Policies and Procedures for M.S.N. Admission

Admission Procedures. You must complete two applications for the graduate nursing program.

  1. You must apply to the university by March 1 as a graduate student through csumentor.edu.
  2. You must also complete a School of Nursing application. You may download and complete the application online from the School of Nursing website at www.fresnostate.edu/chhs/nursing/, or you can pick up an application from the nursing office. Once they are completed, print and mail the application and accompanying documents to the nursing office at

    California State University, Fresno
    Admissions: Graduate Nursing Program
    School of Nursing
    2345 East San Ramon Avenue M/S MH25
    Fresno, CA 93740-8031

  3. Complete the Graduate Record Examination and have scores sent to the university and the School of Nursing.
  4. Complete and submit School of Nursing graduate program written essay.
  5. Have official copies of all transcripts sent to both the School of Nursing and to

Graduate Admissions Office
Joyal Administration Building
5150 N. Maple M/S JA57
Fresno, CA 93740-8026

Admission Criteria

There are two pathways into the M.S.N. program for individuals with different educational backgrounds: the B.S.N. graduate and the R.N. with a non-nursing baccalaureate degree.

Admission Criteria for B.S.N. Graduates

  1. Admission to California State University, Fresno, Division of Graduate Studies
  2. Baccalaureate degree in nursing from an NLN/CCNE accredited program
  3. Registered nurse license in California (may be waived for nurses licensed in another country)
  4. Overall GPA of 2.5 with 3.0 in nursing
  5. Malpractice insurance
  6. An introductory course in statistics
  7. An introductory course in research
  8. A physical assessment course that includes theory and practice; or validation of knowledge and skills for graduates of programs with integrated content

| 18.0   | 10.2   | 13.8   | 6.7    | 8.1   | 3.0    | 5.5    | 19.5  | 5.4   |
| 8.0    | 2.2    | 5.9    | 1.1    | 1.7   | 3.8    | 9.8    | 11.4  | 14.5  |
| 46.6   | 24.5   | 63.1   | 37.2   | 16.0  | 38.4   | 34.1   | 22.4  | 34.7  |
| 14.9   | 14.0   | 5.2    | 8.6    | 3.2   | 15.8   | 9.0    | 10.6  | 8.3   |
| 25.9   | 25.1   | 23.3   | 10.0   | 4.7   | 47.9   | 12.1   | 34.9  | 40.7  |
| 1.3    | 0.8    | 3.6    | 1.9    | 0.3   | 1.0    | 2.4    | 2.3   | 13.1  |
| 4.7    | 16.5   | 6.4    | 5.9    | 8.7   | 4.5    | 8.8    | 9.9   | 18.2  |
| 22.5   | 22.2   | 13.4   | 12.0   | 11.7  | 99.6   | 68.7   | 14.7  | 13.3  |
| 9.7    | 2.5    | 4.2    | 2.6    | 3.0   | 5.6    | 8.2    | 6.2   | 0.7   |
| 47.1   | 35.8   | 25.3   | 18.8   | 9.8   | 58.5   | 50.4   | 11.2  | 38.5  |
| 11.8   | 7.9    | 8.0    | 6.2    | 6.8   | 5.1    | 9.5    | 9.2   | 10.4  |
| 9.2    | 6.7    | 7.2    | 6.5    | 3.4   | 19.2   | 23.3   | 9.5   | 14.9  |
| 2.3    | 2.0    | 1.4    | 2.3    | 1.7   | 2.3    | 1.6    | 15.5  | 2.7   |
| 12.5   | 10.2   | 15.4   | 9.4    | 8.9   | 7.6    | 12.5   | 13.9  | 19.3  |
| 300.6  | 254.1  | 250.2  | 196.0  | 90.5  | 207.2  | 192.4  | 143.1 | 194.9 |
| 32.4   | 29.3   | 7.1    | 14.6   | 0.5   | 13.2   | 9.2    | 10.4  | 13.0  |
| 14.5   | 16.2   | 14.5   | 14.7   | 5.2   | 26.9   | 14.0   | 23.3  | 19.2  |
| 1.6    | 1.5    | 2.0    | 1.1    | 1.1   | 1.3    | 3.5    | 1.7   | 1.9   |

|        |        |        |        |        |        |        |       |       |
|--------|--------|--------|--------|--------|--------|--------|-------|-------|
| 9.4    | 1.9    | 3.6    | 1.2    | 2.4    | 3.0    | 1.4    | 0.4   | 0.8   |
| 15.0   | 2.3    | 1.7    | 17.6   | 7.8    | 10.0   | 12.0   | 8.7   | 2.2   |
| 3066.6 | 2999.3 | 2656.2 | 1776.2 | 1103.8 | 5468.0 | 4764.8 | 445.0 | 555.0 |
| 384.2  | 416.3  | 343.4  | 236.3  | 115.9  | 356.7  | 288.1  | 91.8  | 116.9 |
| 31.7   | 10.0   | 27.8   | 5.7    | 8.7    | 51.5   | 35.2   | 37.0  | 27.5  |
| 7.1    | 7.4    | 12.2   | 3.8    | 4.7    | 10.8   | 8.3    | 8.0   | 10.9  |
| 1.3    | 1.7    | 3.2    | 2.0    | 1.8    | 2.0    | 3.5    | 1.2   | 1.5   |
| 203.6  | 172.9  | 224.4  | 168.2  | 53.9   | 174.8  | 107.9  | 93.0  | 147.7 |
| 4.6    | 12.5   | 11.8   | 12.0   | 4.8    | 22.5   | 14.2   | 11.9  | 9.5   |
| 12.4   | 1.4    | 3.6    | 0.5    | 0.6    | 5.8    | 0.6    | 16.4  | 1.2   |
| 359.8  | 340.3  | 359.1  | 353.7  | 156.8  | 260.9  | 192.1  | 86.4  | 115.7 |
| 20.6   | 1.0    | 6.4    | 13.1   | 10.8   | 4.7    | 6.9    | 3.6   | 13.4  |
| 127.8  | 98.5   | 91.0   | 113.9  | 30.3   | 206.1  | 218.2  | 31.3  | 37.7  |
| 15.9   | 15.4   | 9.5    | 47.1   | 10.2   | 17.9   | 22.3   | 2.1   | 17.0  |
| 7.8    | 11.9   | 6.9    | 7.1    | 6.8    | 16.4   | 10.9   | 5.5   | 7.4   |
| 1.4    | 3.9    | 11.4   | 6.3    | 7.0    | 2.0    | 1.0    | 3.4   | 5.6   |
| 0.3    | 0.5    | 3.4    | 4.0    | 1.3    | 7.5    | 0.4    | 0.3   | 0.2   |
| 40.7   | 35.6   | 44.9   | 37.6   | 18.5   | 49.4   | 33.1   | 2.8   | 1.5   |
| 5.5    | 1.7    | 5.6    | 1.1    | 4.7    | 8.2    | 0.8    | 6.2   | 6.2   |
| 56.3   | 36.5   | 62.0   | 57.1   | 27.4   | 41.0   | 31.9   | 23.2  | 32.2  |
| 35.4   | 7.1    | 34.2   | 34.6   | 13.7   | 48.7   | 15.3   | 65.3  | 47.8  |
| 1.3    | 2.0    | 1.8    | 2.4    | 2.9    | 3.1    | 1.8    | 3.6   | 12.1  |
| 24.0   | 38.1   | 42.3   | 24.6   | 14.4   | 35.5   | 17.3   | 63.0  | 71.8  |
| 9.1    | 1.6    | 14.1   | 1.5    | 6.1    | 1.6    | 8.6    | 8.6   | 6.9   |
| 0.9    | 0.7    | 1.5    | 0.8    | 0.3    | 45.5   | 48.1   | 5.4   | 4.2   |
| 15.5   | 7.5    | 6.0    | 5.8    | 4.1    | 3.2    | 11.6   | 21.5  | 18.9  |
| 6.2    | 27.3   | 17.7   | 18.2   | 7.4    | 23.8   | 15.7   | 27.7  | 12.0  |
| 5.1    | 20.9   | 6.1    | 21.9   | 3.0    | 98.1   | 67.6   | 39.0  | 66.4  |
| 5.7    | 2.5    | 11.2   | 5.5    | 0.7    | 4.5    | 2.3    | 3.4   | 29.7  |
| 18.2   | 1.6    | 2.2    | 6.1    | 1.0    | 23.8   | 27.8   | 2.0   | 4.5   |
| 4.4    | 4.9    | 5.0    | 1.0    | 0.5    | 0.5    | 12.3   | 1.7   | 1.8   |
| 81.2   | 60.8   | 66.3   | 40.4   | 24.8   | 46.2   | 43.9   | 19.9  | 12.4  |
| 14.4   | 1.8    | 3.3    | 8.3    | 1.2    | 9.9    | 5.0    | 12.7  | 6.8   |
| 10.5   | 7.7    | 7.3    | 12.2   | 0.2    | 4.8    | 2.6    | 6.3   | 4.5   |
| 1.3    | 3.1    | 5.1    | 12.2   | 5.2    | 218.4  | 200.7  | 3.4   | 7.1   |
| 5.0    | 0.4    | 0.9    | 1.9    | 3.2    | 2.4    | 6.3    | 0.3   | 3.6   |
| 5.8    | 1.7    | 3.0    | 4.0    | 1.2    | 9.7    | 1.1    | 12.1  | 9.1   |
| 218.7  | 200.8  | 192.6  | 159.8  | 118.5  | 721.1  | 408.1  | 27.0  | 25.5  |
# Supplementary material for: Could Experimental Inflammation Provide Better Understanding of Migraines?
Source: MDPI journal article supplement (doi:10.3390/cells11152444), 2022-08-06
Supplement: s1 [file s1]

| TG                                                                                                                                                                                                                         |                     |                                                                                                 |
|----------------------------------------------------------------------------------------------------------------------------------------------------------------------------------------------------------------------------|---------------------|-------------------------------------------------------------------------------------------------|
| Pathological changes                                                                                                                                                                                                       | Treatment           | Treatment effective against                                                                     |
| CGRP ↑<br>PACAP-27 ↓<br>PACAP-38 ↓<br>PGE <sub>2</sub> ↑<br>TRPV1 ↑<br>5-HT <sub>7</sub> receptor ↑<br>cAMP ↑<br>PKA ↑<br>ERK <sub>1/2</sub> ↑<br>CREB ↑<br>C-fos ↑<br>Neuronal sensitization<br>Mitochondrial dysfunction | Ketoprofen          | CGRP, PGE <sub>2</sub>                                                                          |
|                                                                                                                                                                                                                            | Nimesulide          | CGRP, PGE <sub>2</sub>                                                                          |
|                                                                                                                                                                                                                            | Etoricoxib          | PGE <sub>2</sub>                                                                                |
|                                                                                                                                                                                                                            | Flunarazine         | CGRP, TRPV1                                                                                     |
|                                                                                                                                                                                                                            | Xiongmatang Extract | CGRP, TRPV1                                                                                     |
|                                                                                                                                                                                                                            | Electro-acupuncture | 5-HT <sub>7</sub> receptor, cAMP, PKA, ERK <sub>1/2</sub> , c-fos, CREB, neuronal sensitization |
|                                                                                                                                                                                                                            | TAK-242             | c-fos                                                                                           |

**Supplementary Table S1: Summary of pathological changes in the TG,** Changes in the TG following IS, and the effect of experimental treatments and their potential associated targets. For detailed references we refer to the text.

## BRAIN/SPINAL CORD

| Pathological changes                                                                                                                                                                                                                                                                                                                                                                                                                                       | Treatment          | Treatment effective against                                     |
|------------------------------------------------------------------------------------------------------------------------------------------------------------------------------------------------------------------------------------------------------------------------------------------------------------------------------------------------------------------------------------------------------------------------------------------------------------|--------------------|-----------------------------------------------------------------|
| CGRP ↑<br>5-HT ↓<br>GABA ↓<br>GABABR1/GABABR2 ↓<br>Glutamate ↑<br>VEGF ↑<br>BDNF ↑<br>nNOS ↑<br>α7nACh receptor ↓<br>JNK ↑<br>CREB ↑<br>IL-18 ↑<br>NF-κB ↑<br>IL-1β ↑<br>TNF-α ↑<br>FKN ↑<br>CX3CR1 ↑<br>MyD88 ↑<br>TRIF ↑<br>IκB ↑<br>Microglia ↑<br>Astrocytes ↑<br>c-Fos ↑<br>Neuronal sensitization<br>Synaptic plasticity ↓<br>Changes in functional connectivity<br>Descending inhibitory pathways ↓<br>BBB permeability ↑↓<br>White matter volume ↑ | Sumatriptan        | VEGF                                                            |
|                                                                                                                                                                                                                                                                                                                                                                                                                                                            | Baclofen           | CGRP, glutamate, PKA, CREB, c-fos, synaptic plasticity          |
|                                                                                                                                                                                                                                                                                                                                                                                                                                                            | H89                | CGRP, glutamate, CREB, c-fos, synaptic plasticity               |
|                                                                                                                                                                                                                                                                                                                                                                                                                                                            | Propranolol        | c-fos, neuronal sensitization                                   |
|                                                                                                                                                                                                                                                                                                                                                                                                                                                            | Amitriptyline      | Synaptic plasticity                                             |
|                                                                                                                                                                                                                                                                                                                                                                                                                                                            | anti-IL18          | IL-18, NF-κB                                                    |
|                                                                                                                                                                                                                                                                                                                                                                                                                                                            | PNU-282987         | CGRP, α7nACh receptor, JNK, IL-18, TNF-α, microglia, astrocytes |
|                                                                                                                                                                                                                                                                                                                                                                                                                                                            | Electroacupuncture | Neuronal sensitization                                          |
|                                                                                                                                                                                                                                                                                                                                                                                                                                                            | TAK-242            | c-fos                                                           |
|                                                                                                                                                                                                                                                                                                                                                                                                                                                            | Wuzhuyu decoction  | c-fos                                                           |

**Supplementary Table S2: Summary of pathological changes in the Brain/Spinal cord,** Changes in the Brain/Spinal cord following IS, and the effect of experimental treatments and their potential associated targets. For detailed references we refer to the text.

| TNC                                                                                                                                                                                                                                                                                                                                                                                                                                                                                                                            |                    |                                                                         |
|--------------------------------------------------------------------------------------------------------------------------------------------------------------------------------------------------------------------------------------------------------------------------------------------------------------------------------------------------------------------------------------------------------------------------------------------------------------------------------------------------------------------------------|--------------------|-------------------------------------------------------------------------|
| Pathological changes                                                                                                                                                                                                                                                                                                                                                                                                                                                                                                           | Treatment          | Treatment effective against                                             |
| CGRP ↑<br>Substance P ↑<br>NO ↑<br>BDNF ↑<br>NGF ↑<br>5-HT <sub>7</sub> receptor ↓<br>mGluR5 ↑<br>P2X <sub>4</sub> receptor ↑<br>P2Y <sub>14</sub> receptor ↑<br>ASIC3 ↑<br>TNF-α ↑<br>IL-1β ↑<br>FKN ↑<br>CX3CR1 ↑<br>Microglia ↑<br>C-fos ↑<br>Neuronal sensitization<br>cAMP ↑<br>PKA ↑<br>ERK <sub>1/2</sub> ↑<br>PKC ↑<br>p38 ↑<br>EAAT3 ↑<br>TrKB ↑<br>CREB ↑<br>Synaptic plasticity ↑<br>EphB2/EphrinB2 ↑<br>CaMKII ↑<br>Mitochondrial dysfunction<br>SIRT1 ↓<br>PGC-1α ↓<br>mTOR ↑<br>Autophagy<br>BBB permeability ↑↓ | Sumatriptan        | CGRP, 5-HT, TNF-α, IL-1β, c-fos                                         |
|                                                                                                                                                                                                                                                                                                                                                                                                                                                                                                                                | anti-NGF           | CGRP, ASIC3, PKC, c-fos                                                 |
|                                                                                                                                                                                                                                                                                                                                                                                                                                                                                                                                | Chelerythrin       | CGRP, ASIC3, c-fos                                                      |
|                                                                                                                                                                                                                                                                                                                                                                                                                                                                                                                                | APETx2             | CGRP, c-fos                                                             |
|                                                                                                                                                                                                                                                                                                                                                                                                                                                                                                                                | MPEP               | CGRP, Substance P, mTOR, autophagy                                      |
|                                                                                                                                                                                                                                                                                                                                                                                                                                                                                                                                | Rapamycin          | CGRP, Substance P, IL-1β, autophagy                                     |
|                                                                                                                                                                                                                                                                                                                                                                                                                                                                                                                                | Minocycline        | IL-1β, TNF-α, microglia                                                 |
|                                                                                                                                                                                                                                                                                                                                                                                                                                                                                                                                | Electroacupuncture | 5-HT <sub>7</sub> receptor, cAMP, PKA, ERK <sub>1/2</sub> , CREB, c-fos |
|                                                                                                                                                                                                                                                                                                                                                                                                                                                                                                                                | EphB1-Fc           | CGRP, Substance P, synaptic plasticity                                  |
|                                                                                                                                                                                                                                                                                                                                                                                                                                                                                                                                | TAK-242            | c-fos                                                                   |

9. Current CPR certification

Admission Criteria for Registered Nurses with a Baccalaureate Degree
in a Field Other Than Nursing

This program is open only to students eligible for admission to graduate standing at California State University, Fresno, who have completed a nursing program in an accredited school, are registered, or eligible for registration as nurses in the state of California and who hold a bachelor's degree in a related field from an accredited university.

For admission to this program, students are required to meet the following criteria in addition to the regular criteria set for admission to the M.S.N. program:

  1. Submission of resume of all past educational and employment experience. Resume should emphasize experience in leadership, community health, research, and writing for publication.
  2. Review of resume by the graduate coordinator of the School of Nursing who establishes nursing courses the student must complete to obtain a background comparable to students graduating with a B.S.N. at California State University, Fresno.
  3. Satisfactory completion of the individualized program established by the coordinator before enrolling in the regular M.S.N. program.
  4. Admission to the Nurse Practitioner Program is not guaranteed, and all students must make application to the Nurse Practitioner Program.

Post-Master's Certificates (State-Issued)

At California State University, Fresno, the post-master's nurse practitioner certificate is 31 units and the post-master's clinical nurse specialist/nurse educator certificate is 32 units. These certificates are issued by the California Board of Registered Nursing. Applicants may receive credit toward the certificates for graduate courses taken previously. Typically, the main courses that are requested for credit are the advanced theories and advanced issues courses. In order to request a course substitution, the applicant must submit a copy of the course description, objectives, and assignments for review by the graduate coordinator. At that time, the course of study will be determined with input from the student and school graduate curriculum committee. Students seeking post-master's certificates are exempt from some coursework and have a shorter program.

Master of Science Degree Requirements

Courses. Under the direction of the graduate coordinator, each student prepares and submits an individually designed program based on the following:

Core courses in nursing (13 units)
NURS 211, 212, 221, 223, 225

Role specialization courses (24-28 units)
(See below.)

Thesis (NURS 299) or Project (NURS 298) (3 units)
or
Comprehensive Exam* (0 units)

Minimum Total (40-44 units)

  1. Minimum total for Primary Care = 40 units
  2. Adult-Gero Clinical Nurse Specialist/Nurse Educator total = 44 units*
  3. Pediatric Clinical Nurse Specialist/Nurse Educator = 44 units*

* Additional approved 3-unit elective required for students taking the Comprehensive Exam.

Role Specialization (Options)

  • Adult-Gero Clinical Nurse Specialist/Nurse Educator
    NURS 210, NURS 235, NURS 236, NURS 240, NURS 241, NURS 242, NURS 253, NURS 254
  • Pediatric Clinical Nurse Specialist/Nurse Educator
    NURS 210, NURS 237, NURS 238, NURS 240, NURS 241, NURS 242, NURS 255, NURS 256
  • Primary Care Nurse Practitioner